As Brazil ponders further restrictions on inflows, economists and policymakers remain divided on their effectiveness
Private bankers see controls as one of the main threats to economic growth – and to their business – but the public sector admits a limited, short-term role for controls. The challenge now is to see which measures work, if any, and to define when they might be acceptable.
Brazil, which has seen record investment, is at the centre of the storm. Finance minister Guido Mantega, initiator of the “currency war” debate, last year progressively imposed a 6% financial tax on foreign investments in fixed-income.
Now, the government is said to be thinking of extending the tax to cover global bonds denominated in foreign currency.
Rick Waugh, vice chairman at the Board of Directors of the Institute of International Finance (IIF), sees one of the biggest challenges and risks for the region lying in inappropriate policy responses, including the imposition of capital controls.
Some countries have been disappointed they have not been able to deter portfolio and particularly carry trades, but are resorting to inappropriate actions: “We do not see capital controls in general as a productive approach,” he said.
The IIF is set to release a report on enhancing risk management at banks, which it sees as a more useful approach to high inflows. “Measures to limit FX appreciation are doomed to fail,” said Frederick Jaspersen, IIF Director of Latin America.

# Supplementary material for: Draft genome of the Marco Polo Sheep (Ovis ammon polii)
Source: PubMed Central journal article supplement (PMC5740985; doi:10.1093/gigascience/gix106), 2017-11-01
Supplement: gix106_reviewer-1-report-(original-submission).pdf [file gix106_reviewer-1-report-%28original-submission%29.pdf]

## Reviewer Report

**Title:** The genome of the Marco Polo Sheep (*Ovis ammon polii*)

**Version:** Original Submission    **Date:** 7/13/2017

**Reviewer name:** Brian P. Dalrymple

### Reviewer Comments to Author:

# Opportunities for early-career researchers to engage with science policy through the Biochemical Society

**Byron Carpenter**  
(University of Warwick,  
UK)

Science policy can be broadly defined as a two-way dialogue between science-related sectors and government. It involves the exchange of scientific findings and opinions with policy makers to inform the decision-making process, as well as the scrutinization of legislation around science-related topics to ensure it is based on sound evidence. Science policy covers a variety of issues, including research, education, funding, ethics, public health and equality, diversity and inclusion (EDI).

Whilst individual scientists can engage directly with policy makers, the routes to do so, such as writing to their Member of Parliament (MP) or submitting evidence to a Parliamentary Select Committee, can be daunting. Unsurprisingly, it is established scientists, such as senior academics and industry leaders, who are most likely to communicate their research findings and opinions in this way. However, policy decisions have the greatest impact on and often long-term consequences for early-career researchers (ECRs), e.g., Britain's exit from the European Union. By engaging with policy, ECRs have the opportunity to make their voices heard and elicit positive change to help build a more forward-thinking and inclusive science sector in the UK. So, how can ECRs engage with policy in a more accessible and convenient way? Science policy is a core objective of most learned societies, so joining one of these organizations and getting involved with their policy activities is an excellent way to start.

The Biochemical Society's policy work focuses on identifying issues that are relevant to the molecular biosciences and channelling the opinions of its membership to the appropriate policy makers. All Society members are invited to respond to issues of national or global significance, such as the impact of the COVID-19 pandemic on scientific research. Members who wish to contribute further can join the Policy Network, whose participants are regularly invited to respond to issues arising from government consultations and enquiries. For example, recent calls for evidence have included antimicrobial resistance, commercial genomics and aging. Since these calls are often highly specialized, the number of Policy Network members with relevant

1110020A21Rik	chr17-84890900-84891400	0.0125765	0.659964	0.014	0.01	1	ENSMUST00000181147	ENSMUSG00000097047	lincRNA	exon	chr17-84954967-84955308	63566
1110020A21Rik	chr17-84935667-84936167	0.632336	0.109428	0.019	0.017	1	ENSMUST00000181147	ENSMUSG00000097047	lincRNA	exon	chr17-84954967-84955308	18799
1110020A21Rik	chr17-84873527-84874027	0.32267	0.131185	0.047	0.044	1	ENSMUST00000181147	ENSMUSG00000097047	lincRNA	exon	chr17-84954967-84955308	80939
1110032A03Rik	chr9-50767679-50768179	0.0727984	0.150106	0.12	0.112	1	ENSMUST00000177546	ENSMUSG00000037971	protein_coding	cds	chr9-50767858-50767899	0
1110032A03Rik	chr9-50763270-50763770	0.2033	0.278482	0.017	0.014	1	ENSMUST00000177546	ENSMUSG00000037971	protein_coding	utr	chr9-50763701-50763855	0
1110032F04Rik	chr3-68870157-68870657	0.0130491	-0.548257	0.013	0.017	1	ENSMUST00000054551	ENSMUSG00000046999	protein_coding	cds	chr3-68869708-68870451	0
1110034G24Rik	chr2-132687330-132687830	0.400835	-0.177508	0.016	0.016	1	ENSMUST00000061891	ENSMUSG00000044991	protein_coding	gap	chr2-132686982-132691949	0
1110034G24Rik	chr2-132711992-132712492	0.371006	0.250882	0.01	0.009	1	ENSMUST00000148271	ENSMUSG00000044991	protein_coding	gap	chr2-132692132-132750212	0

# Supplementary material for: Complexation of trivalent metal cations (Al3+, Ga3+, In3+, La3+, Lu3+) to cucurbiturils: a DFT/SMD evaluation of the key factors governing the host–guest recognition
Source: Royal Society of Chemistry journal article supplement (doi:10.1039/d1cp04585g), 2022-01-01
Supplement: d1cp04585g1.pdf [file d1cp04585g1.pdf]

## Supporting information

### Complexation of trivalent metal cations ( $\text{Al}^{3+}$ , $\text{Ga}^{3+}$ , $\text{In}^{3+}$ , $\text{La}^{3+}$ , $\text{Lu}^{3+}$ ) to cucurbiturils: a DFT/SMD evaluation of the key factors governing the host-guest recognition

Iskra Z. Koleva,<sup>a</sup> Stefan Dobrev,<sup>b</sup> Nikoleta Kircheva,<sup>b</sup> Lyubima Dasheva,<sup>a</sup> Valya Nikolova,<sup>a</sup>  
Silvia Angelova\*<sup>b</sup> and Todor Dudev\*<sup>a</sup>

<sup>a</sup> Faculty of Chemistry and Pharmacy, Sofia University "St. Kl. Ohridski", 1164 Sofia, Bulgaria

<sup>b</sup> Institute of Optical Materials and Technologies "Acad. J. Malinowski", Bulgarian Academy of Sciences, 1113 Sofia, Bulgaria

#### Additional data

Other measures, including tighter controls on lending and increases in reserve requirements, are more effective, he believes. Colombia, Chile, Peru and Mexico have indicated they will eschew capital controls with Mexico and Chile stating clearly they don’t work, he says. “If [Brazilian Finance Minister Guido] Mantega could take back the words ‘currency war’ he would,” believes Jaspersen.
Private banks’ dogmatic position is in contrast to a reluctant acceptance in very limited circumstances from the public sector.
Mark Carney, governor of the Bank of Canada, described capital controls as only a third-best option, but believes on occasion they can compliment, albeit not substitute monetary policy.
“Emerging countries are having difficulties absorbing large private flows,” he said. If necessary, such controls should target specific areas and be transparent, as in Chile, which pre-announced a build-up of foreign exchange reserves, he said.
He cautioned though that such measures should be temporary and says emerging markets that resist capital inflows through capital controls often delay monetary tightening.
IMF managing director Dominique Strauss-Kahn has reiterated support in restricted circumstances for controls, saying: “In some cases, capital controls might also be useful. But they should not substitute for fundamental policy adjustments.”
Alicia Barcéna, executive secretary for the Economic Commission for Latin America and the Caribbean (ECLAC), said controls can in cases support the restructuring of capital markets, especially in Latin America which suffers from very incomplete capital market structures.
“Capital controls are an instrument and Chile used them effectively in the 1990s,” she said. It has to be case by case and a crafted instrument.